Swiss and Egyptian archeologists have found a large number of mummies hidden in a tomb in the Valley of the Kings. The team was able to unearth around 50 mummies of royal descent, including a number of newborn babies.
Experts who inspected the site say that the remains belonged to Egyptian royalty and included the mummified remains of princes and princesses. The find was especially significant because the tomb contained the remains of a number of unknown daughters of famous pharaohs.
The team also found a cursive type of hieroglyphic text inscribed on the tomb that held clues to the family history of the mummies. The inscriptions found in the tomb indicated that the mummies were related to the pharaohs Amenhotep III and Thutmose IV. This dates the remains to a period of time during the 14th century BC. During this period of time known as the New Kingdom, the remains of Egyptian royalty were often buried in the famous Valley of the Kings near the Nile River. The valley is located on the side of the Nile River opposite Luxor. Some of Egypt's most famous and well preserved mummies were found in the vicinity of the Valley of the Kings.
The tomb where the new group of mummies was found is known as KV 40. Archeologists were only able to study this tomb fairly recently. Seen from ground level, the tomb's entrance was fairly unimpressive. Upon further excavation however, the archeologists working on the site discovered a shaft that was approximately 16 feet in depth. The team also found four rooms in the tomb. While ecstatic about the significant find, the archeologists were also dismayed to see evidence that the tomb was pillaged sometime in the past.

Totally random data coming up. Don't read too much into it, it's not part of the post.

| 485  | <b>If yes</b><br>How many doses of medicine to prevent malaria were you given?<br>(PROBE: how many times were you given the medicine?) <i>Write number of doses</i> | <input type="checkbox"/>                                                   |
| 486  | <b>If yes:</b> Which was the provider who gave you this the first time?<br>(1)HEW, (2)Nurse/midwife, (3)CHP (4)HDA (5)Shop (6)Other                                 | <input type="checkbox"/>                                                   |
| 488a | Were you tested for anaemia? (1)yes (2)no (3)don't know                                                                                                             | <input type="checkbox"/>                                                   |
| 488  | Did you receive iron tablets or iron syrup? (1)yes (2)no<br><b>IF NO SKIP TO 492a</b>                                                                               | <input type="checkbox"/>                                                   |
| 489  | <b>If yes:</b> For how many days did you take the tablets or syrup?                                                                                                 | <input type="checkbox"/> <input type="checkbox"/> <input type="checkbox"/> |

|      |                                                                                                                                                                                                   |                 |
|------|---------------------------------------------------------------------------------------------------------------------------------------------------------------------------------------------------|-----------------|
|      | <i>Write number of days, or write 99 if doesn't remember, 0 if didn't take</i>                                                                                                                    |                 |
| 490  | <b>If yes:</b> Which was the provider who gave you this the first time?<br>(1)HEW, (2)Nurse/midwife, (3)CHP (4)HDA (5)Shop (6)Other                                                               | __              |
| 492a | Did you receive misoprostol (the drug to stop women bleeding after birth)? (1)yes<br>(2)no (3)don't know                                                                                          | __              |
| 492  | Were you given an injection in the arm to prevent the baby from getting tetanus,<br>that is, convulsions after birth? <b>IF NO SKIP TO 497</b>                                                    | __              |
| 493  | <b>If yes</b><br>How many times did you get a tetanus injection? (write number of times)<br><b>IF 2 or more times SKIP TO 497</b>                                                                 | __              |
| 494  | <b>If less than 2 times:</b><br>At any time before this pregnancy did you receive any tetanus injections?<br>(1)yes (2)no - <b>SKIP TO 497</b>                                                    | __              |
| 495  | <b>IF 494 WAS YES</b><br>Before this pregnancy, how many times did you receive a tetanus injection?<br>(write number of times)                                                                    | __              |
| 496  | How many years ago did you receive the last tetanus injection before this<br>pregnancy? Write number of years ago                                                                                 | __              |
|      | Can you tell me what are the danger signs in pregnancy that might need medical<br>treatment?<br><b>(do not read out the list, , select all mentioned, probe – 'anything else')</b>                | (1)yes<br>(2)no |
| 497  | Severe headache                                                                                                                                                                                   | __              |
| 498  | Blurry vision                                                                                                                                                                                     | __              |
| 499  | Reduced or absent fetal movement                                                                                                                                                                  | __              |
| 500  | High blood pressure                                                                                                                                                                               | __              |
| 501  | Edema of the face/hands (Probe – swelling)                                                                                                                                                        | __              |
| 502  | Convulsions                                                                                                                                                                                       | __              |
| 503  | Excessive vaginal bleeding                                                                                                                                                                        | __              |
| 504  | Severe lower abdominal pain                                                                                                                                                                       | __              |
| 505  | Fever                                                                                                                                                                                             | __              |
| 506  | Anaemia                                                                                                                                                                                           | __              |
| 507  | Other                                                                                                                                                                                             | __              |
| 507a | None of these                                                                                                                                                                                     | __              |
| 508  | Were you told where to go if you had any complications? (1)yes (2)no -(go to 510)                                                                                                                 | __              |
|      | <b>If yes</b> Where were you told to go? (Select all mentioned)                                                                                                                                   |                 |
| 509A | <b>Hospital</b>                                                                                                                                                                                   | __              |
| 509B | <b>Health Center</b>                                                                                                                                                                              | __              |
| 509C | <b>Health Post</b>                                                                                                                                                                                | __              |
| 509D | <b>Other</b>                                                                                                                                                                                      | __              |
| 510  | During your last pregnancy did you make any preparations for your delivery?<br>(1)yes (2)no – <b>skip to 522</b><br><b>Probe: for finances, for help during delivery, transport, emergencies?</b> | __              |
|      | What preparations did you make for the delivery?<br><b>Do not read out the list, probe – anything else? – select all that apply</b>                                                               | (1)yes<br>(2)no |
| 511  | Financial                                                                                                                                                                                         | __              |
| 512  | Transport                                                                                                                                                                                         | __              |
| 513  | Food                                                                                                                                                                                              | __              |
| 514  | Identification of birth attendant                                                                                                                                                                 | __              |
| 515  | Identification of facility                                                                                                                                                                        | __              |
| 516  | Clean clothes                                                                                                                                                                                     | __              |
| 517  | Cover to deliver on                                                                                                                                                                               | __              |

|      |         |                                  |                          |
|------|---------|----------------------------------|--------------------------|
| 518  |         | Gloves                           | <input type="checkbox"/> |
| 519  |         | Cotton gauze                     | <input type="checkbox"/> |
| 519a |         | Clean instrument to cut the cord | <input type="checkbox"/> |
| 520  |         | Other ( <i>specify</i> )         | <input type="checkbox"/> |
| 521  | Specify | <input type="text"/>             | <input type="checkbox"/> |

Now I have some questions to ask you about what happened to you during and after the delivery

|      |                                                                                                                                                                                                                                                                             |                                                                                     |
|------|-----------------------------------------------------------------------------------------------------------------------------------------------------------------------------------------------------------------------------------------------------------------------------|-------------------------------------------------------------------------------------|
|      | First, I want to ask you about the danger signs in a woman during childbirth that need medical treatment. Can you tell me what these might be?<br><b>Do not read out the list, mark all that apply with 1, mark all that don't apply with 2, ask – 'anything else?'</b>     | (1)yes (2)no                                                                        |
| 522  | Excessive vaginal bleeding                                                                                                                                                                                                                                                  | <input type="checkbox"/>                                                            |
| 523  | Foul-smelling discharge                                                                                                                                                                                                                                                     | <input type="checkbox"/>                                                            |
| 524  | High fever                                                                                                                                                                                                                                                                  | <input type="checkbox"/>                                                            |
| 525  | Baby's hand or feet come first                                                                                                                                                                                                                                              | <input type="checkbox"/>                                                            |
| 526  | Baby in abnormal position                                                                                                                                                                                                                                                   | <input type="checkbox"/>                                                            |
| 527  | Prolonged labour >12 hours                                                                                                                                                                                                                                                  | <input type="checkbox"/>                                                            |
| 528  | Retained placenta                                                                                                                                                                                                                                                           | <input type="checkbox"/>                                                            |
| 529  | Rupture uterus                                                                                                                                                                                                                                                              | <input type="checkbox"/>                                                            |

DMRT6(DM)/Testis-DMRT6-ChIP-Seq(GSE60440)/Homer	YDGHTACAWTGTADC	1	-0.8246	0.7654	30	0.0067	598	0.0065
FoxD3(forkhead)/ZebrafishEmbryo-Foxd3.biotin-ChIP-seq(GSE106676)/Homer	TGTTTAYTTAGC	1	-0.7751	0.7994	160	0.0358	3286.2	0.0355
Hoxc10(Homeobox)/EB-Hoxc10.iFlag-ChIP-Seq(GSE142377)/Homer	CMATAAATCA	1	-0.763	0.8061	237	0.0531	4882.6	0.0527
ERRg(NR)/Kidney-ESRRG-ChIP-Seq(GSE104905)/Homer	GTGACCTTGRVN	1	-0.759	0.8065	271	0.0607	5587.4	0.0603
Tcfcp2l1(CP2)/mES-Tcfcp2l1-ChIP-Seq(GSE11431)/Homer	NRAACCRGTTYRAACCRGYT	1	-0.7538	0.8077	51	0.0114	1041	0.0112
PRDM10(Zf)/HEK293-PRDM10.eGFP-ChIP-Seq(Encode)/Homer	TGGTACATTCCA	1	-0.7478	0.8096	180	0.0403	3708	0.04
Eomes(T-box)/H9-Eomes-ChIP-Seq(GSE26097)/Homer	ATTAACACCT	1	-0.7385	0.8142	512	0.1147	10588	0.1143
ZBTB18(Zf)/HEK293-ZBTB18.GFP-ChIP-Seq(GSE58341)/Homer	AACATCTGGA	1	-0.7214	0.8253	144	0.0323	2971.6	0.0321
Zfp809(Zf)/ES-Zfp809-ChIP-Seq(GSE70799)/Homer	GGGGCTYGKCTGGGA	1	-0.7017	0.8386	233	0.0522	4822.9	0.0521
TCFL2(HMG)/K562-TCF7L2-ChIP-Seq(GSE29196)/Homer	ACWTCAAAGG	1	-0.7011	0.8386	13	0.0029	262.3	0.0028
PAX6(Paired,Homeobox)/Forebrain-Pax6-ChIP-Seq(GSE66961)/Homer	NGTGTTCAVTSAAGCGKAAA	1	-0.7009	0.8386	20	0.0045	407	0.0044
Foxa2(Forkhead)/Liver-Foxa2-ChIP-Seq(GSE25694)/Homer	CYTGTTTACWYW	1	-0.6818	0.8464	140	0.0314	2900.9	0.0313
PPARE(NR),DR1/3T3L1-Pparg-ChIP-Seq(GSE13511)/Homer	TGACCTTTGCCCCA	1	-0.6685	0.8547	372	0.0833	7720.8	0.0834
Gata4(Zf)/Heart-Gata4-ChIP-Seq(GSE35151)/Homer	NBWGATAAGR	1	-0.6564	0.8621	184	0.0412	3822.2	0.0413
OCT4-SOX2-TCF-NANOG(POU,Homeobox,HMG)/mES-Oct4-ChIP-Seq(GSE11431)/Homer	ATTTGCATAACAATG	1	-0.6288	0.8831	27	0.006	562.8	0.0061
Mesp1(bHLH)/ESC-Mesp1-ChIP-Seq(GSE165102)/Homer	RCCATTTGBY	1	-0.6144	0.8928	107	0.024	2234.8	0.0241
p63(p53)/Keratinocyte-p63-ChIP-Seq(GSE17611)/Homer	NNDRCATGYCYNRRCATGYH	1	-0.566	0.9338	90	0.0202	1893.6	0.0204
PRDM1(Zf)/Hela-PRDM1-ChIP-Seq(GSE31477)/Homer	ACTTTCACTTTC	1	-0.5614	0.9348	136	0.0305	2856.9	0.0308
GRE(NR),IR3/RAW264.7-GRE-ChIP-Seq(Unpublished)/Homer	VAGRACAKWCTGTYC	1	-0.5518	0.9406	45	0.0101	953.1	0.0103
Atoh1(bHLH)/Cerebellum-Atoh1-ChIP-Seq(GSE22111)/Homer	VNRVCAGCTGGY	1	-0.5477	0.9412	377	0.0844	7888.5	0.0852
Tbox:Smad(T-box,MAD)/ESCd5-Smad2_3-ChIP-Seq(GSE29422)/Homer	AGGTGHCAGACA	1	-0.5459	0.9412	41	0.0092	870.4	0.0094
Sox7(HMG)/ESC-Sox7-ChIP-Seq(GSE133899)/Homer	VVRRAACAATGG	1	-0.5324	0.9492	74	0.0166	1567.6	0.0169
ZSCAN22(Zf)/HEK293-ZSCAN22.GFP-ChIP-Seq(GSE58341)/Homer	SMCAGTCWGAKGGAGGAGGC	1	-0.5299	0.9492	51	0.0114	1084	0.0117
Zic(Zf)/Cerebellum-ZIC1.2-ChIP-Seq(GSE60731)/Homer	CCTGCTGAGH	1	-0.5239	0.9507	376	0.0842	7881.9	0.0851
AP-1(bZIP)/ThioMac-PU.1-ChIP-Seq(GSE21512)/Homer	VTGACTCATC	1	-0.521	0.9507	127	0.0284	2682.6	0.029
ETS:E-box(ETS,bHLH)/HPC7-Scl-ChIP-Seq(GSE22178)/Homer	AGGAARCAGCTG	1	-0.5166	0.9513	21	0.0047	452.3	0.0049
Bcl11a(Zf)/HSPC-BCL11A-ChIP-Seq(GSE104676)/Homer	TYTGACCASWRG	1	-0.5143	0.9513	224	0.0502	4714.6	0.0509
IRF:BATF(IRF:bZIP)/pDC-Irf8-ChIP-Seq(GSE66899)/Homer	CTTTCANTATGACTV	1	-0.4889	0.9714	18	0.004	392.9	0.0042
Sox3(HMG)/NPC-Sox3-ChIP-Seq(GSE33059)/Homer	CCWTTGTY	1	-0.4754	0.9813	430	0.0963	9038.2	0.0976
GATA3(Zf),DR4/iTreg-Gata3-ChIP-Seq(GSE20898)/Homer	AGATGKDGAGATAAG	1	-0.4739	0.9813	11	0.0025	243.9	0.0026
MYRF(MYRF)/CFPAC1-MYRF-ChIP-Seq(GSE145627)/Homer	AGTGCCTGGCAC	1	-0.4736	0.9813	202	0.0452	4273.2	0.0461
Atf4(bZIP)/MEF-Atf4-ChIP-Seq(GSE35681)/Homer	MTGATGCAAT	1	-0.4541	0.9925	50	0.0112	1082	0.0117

The tomb is estimated to be around 3,300 years old. Due to the lineage of its occupants, the tomb likely contained numerous gold items in the past. However, tomb raiders ransacked the tomb taking anything of value in the process. The scientists also found evidence of a large fire, which was likely started by tomb raiders who pillaged the tomb sometime in the late 19th century.
Many of the adult mummies found by the archeologists in KV 40 were torn to pieces. This event likely happened when the tomb was pillaged. Fortunately, many of the mummified infant remains were in relatively better condition since they were stored in one of the underground rooms. While the mummified remains of the newborns were buried in a simple manner, experts confirmed that they were mummified properly in accordance with ancient Egyptian practices.
The discovery was made by archeologists from the University of Basel in Switzerland with the help of Egyptian authorities from the Egyptian Supreme Council of Antiquities.